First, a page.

The late Christopher Hitchens, author of the book God Is Not Great: How Religion Poisons Everything . . . said in an interview: “I think it would be rather awful if it was true, if there was a permanent, total, round-the-clock divine supervision and invigilation of everything you did. You’d never have a waking or sleeping moment when you weren’t being watched or controlled and supervised by some celestial entity from the moment of your conception to the moment of your death. It would be like living in North Korea.”
Mr. Hitchens presents a good case! However, it is most helpful to note how he describes the deity in whom he does not believe: an all controlling Divine Despot who is keeping tabs on everyone—the Heavenly Policeman.
To be honest, I find myself in hearty agreement with Hitchens on this point because, quite frankly, I don’t believe in that god either. Who would want to be a worshipper of such a god?
Such a deity, in fact, does not exist.
The God revealed in Christ shows Himself to be not a self- centered dictator but an other-centered fountain of goodness. He is not a tyrant, but a Triune community of love.
And that makes all the difference.
J. O. Schulz, What Jesus Wished People Knew About God
If God were as many perceive him to be, we would do well to reject him. A celestial caesar who is harsh, implacable, demanding, easily annoyed, fussy, vindictive, overbearing, and unforgiving is not worthy of worship. To those who turn away from such a deity, I would say, “You’re absolutely right. I can’t bring myself to believe in that God either.”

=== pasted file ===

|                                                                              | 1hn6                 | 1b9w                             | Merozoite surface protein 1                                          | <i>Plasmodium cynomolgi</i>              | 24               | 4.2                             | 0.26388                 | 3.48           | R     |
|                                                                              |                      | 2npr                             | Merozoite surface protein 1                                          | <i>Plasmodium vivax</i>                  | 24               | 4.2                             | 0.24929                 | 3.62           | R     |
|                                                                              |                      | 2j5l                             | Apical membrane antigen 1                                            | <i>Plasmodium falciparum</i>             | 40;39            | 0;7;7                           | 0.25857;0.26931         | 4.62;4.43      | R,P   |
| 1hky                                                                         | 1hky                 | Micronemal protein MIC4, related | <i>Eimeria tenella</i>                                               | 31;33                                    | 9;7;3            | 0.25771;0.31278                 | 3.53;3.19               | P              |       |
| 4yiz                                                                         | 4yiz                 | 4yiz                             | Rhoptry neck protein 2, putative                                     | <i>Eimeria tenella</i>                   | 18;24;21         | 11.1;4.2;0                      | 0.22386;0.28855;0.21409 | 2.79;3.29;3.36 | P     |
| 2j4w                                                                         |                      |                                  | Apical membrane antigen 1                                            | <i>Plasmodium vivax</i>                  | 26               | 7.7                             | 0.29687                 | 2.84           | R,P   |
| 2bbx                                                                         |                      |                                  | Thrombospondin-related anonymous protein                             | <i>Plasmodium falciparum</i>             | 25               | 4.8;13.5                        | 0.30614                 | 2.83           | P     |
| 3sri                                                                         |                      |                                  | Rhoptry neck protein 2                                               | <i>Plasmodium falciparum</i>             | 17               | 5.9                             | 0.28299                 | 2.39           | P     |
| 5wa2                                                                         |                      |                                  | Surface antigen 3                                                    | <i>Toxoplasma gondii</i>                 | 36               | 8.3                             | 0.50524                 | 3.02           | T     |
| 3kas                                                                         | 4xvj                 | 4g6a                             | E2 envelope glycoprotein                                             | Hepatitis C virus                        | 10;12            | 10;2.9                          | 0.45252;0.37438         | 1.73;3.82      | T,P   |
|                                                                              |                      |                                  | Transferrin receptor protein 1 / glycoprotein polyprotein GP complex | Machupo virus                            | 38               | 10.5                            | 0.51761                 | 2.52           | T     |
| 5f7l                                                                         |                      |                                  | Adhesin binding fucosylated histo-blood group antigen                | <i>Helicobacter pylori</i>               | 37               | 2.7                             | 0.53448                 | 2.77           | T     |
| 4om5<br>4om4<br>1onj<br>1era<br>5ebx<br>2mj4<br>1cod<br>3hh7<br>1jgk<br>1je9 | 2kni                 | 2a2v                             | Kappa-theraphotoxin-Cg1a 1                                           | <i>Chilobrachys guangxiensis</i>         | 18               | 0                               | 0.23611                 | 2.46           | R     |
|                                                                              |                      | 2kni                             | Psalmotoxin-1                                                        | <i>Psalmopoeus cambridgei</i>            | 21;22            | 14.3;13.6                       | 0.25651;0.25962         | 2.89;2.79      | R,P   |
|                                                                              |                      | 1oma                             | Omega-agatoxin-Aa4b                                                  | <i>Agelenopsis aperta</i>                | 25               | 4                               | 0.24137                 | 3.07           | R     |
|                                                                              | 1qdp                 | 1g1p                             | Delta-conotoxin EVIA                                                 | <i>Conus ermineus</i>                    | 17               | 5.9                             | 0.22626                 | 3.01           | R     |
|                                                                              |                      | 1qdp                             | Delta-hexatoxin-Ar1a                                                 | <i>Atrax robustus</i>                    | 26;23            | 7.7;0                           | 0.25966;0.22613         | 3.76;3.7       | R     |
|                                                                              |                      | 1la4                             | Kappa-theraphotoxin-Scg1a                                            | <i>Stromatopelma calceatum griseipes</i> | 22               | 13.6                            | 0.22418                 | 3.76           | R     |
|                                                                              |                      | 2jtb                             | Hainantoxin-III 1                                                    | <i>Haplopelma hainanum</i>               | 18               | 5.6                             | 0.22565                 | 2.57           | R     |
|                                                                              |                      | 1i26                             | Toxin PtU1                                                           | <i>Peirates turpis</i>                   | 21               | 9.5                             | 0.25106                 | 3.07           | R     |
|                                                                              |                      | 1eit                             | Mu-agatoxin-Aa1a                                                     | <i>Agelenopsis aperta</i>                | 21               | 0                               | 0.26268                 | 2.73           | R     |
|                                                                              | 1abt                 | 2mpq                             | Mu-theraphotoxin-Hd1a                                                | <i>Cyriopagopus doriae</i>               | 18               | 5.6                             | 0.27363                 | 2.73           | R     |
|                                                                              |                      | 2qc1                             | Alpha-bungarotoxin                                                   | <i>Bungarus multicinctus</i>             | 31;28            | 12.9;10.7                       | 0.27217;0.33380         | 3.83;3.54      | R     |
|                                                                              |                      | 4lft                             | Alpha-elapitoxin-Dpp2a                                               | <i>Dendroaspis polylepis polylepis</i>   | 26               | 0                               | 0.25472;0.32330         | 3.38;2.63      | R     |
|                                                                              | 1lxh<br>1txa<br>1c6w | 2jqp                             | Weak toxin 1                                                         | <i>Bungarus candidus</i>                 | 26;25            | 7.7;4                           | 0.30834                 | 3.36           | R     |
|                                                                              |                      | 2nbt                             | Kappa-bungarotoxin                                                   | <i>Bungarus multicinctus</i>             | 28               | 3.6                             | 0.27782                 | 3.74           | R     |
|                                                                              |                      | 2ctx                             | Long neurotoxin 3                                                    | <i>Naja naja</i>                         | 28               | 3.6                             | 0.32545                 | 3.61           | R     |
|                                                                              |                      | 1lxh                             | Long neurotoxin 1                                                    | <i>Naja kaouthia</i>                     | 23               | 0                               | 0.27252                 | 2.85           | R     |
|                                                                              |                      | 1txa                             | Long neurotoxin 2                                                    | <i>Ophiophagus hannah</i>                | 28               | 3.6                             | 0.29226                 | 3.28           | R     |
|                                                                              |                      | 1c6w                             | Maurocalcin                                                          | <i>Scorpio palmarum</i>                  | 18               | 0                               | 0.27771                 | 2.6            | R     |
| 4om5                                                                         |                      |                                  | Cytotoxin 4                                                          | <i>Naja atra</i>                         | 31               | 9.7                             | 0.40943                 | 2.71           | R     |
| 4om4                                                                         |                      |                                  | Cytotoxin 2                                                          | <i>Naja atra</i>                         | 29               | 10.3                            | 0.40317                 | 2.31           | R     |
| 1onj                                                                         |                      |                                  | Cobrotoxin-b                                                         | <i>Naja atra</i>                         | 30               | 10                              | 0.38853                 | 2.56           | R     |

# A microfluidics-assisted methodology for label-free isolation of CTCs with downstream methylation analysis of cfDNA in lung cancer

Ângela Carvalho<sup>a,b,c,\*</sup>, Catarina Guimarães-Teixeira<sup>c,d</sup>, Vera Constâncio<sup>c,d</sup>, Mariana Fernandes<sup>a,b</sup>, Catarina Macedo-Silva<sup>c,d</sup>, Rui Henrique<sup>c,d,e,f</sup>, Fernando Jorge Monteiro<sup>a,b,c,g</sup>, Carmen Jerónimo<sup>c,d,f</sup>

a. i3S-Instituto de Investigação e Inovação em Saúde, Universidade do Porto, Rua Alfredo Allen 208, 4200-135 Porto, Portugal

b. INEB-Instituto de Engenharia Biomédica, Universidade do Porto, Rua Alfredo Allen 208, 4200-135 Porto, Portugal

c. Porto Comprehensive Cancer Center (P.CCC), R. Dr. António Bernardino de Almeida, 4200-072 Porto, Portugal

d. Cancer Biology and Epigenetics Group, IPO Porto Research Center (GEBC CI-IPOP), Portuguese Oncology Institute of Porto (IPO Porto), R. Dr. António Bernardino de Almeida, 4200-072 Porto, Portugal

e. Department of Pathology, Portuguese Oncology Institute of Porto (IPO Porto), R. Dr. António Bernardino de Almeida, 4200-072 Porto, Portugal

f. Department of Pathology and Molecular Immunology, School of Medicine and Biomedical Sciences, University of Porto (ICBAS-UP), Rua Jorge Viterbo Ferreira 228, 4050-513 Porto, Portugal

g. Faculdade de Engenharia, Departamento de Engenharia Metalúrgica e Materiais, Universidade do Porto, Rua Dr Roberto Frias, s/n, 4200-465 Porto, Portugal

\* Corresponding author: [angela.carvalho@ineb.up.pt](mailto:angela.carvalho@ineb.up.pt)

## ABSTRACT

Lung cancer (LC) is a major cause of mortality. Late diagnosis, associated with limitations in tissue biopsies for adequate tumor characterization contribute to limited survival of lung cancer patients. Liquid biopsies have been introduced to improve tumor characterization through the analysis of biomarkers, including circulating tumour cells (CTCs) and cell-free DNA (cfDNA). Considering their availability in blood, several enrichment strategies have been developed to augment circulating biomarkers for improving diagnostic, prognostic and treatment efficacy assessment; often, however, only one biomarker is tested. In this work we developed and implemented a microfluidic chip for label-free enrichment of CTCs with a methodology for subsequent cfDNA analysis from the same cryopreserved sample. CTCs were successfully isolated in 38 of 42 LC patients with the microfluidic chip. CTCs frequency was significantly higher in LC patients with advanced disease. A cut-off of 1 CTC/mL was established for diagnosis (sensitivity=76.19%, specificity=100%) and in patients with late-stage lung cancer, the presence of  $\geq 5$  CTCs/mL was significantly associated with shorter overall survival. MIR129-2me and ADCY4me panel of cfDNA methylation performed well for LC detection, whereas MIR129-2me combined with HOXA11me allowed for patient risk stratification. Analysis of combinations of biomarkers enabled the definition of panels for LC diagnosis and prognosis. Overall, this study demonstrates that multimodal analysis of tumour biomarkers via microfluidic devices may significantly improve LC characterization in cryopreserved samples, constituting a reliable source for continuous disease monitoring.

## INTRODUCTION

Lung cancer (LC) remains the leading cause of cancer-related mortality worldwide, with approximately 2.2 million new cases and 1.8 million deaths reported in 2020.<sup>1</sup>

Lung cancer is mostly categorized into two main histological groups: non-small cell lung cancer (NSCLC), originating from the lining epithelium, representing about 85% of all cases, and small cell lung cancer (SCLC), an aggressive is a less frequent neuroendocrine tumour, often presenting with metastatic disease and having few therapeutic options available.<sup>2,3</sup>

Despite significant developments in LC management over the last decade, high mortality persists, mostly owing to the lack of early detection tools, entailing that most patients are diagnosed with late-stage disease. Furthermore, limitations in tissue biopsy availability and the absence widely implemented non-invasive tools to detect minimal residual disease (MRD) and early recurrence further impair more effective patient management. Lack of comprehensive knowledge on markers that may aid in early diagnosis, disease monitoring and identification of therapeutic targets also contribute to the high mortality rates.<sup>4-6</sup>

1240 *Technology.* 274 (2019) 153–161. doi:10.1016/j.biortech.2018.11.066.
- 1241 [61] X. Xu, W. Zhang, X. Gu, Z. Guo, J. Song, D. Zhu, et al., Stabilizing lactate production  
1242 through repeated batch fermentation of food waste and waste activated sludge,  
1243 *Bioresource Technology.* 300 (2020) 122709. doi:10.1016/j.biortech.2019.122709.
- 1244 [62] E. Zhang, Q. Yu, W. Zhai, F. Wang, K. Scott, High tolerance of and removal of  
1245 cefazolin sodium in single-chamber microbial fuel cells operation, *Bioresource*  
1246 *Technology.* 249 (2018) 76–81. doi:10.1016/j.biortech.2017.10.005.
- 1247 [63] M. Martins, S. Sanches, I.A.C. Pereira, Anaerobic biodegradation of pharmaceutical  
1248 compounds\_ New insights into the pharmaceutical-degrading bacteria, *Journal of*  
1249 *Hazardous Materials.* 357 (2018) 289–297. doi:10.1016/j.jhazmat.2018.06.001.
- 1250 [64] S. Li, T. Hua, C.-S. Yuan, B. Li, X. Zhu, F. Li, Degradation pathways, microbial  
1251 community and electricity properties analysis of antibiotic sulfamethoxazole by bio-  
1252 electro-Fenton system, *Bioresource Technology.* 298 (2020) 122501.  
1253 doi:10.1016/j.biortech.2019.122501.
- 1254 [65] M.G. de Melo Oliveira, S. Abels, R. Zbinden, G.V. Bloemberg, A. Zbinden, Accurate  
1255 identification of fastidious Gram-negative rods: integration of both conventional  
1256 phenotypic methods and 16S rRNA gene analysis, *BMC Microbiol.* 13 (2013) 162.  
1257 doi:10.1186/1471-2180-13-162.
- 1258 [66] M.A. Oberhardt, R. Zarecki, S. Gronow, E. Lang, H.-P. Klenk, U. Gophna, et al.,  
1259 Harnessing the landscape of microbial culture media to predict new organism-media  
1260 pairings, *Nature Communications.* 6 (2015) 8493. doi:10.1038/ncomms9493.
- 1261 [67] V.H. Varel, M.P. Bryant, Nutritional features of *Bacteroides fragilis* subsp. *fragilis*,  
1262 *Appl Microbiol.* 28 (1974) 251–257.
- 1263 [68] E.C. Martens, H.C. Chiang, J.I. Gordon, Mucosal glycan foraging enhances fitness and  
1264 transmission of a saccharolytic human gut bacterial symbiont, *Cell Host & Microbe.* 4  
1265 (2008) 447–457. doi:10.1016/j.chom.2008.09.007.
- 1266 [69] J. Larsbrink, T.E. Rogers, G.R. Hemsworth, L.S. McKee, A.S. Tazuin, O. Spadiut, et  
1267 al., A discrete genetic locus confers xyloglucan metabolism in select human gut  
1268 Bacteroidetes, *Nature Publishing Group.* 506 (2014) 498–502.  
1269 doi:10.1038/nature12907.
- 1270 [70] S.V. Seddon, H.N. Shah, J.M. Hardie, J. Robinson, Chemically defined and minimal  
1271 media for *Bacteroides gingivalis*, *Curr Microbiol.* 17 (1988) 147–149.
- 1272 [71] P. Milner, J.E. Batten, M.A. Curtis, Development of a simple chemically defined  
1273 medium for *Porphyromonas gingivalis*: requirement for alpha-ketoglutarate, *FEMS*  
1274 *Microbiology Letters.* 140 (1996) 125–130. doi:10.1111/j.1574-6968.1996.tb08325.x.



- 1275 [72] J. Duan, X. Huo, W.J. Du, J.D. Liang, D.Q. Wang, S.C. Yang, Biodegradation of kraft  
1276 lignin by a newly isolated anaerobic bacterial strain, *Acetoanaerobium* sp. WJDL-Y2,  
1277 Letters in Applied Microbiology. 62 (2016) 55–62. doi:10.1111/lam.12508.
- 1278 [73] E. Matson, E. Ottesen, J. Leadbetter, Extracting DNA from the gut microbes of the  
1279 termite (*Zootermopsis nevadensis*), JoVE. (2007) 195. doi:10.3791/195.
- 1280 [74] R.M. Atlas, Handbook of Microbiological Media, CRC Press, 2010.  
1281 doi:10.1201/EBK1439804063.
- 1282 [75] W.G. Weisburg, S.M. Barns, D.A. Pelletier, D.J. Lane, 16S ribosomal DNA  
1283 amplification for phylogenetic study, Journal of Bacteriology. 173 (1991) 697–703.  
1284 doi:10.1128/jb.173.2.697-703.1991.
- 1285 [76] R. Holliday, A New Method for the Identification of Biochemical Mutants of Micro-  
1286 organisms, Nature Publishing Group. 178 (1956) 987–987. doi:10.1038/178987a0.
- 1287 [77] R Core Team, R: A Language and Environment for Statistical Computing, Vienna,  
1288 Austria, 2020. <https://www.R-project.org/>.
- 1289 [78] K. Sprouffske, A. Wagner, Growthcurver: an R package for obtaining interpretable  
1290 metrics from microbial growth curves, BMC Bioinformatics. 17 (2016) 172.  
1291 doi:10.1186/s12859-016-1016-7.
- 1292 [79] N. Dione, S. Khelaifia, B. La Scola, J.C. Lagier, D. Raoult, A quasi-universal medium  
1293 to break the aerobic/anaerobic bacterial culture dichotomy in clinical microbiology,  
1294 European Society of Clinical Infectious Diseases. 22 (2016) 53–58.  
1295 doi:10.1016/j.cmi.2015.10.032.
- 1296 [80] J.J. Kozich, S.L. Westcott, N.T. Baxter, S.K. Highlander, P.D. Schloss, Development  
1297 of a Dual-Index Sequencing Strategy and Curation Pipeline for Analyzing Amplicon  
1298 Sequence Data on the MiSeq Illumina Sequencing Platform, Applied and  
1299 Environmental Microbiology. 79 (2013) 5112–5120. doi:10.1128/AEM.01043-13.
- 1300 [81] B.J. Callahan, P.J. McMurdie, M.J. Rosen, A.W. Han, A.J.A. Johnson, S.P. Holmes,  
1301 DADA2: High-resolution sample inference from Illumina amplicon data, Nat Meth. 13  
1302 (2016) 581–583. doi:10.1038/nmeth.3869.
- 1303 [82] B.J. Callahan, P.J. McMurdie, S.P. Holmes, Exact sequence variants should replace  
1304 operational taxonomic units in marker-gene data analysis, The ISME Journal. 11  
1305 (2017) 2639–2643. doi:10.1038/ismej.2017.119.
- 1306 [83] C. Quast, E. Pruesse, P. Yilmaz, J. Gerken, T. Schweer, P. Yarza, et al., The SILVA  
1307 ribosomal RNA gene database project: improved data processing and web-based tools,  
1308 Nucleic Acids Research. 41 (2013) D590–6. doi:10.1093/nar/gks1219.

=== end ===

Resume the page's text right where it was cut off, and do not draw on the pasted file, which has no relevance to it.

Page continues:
If, however, God were as compassionate, humble, kind, genuine, irreproachable, and furiously good as Jesus—that changes everything! We have never seen anyone as irresistibly wonderful as Jesus, and if God were like him—that would be the best news ever broken on planet Earth! Before a Christ-like God we would gladly bow, amazed and entranced.
The Christian message affirms that Jesus came not only to redeem but to reveal the true nature of God. Christ declared that if we have seen him, we have seen the Father. And what we see when we take a close look takes our breath away.
There’s a story that Jesus told that distils the key features of his vision of God into one concise parable. Christ’s narrative brings to light the unspeakable goodness of God’s heart. The story is loaded with spiritual dynamite that blows away the falsehoods that many have believed about God.
There is so much to be learned about God from the Parable of the Prodigal Son that I ended up writing an entire book on it. If people are to know God as He truly is, Jesus’ story is a fabulous place to start.
If you dare to let Jesus overhaul your view of God, you might want to check out the book, WHAT JESUS WISHED PEOPLE KNEW ABOUT GOD. You can find it on Amazon, Kobo, Barnes & Noble, Apple iBooks, etc.
In the LGBT community, the opposite of pride is self-hatred. But in the Bible, the opposite of pride is faith. Was pride keeping me from faith, or was pride keeping me from self-hatred? That was when the question inserted itself like a foot in the door: Did pride distort self-esteem the way lust distorts love? This was the first of my many betrayals against the LGBT community: whose dictionary did I trust? The one used by the community that I helped create or the one that reflected the God who created me? As soon as the question formed itself into words, I felt convicted of the sin of pride. Pride was my downfall. I asked God for the mercy to repent of my pride at its root. . . .